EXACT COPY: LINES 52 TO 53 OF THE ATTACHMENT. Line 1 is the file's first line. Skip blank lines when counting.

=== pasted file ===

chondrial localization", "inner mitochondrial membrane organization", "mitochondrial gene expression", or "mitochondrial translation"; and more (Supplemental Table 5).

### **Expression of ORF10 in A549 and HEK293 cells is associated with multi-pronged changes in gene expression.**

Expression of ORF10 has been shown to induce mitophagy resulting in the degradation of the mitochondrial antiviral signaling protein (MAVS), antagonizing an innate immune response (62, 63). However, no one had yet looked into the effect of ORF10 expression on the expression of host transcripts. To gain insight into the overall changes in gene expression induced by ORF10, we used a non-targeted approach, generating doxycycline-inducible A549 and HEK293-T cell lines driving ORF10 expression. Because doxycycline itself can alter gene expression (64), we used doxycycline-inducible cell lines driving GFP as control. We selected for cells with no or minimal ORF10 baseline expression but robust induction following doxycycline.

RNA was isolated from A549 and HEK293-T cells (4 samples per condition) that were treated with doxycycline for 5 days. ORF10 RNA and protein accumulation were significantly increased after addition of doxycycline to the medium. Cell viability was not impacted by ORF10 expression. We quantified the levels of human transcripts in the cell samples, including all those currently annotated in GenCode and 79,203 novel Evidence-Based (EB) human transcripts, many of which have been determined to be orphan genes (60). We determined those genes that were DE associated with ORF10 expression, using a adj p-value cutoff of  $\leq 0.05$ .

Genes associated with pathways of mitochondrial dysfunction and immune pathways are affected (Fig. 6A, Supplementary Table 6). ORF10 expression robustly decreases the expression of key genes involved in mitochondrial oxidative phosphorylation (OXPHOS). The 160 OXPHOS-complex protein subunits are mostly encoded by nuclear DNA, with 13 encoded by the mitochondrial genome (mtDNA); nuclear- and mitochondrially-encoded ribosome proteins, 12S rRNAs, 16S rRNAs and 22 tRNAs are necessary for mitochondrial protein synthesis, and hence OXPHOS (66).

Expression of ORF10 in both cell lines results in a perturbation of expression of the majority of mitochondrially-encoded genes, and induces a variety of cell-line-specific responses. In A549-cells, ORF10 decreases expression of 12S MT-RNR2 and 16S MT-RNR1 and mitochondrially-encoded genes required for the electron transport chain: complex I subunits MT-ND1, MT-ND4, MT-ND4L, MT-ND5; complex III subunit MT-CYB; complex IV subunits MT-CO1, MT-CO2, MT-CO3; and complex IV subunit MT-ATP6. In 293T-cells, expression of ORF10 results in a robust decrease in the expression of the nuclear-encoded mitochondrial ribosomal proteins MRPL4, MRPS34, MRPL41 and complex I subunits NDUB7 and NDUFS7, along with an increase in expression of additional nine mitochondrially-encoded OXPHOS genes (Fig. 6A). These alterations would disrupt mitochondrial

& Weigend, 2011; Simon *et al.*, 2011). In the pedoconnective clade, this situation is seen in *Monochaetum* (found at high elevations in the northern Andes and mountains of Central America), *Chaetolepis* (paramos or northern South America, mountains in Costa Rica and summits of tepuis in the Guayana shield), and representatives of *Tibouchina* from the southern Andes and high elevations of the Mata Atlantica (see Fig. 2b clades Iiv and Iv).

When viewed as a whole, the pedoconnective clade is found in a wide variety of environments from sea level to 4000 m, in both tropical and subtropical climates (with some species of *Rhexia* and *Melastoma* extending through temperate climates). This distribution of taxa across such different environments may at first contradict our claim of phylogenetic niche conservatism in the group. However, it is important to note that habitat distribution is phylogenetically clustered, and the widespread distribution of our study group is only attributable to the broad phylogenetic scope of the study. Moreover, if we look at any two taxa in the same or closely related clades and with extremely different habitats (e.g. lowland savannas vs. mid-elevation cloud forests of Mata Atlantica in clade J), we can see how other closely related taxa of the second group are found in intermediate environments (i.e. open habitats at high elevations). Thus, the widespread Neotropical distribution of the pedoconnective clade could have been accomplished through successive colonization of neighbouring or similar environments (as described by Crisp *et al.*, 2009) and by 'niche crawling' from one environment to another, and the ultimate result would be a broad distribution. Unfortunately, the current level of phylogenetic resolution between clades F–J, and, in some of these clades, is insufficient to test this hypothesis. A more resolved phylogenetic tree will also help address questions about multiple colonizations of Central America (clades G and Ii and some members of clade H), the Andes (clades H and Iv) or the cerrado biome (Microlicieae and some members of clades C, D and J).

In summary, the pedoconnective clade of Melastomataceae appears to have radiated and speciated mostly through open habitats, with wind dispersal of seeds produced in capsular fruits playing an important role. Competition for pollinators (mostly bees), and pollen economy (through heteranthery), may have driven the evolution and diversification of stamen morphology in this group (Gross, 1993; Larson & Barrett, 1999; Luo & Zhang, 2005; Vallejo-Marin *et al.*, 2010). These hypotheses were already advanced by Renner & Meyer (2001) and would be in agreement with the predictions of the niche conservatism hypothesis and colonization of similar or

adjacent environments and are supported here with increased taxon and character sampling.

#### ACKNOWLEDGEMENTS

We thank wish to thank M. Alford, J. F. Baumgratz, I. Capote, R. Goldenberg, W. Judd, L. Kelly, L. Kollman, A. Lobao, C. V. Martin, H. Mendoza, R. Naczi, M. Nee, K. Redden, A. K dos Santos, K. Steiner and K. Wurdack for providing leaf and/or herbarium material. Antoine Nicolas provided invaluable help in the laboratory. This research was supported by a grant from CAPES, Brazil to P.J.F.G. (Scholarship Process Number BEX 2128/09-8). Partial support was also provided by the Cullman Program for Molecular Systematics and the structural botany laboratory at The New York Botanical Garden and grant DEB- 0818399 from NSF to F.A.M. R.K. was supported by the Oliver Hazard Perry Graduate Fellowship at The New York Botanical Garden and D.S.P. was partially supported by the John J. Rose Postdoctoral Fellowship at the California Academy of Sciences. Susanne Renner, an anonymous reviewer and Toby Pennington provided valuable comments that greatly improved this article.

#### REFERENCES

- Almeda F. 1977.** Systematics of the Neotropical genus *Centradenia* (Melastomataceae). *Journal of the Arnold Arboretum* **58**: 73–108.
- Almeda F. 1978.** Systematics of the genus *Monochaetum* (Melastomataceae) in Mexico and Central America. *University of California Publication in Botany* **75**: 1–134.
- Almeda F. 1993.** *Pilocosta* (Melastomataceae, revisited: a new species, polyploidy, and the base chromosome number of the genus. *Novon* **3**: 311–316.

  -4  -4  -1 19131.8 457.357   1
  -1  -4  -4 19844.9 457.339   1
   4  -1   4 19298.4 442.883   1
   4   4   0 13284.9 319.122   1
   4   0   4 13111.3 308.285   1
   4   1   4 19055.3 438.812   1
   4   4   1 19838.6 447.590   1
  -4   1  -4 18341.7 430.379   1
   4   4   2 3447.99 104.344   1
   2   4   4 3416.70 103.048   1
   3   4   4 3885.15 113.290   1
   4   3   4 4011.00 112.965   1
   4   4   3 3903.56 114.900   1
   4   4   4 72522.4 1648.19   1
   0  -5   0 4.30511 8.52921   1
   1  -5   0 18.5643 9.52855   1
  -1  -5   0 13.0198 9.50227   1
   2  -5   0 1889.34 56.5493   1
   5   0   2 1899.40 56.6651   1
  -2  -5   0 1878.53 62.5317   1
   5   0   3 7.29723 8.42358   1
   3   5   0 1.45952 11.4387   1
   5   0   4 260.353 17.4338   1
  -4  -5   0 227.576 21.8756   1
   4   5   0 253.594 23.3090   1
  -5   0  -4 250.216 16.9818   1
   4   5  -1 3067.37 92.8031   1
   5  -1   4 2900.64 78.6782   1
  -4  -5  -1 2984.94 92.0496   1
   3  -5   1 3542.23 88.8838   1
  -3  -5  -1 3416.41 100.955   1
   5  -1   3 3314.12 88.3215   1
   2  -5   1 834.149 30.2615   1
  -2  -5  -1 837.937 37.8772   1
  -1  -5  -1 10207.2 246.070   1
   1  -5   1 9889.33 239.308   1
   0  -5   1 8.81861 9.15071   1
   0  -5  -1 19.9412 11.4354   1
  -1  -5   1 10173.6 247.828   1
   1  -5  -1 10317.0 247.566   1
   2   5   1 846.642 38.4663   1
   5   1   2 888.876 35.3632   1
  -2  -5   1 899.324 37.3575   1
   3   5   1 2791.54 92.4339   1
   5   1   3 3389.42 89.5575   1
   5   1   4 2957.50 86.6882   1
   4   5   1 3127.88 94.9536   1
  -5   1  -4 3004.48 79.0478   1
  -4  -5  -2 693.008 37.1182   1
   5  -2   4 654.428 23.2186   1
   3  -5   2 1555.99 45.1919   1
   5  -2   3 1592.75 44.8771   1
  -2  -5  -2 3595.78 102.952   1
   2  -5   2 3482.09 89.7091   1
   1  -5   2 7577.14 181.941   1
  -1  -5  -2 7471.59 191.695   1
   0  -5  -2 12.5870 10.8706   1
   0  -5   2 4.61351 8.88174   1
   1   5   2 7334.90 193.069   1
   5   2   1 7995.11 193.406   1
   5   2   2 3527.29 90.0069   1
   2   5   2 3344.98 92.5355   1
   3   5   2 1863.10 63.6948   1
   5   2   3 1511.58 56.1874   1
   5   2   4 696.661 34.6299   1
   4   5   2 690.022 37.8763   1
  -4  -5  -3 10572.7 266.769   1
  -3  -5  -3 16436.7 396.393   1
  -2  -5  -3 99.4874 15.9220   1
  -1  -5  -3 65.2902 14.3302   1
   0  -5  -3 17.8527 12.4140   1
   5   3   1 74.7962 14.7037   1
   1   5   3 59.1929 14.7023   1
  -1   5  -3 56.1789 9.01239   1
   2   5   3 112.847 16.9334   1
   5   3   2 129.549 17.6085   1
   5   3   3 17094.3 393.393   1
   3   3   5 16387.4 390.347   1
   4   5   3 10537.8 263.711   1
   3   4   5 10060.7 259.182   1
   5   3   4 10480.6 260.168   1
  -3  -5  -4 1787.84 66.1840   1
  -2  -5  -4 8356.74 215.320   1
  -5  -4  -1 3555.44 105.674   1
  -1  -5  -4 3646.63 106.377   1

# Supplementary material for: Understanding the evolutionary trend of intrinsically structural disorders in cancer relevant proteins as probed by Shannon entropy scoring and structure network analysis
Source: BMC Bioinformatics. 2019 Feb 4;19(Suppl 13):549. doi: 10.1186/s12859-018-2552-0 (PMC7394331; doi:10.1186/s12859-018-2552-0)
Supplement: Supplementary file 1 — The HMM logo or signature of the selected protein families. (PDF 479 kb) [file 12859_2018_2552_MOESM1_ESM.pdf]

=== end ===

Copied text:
   1  -5   1 9889.33 239.308   1
   0  -5   1 8.81861 9.15071   1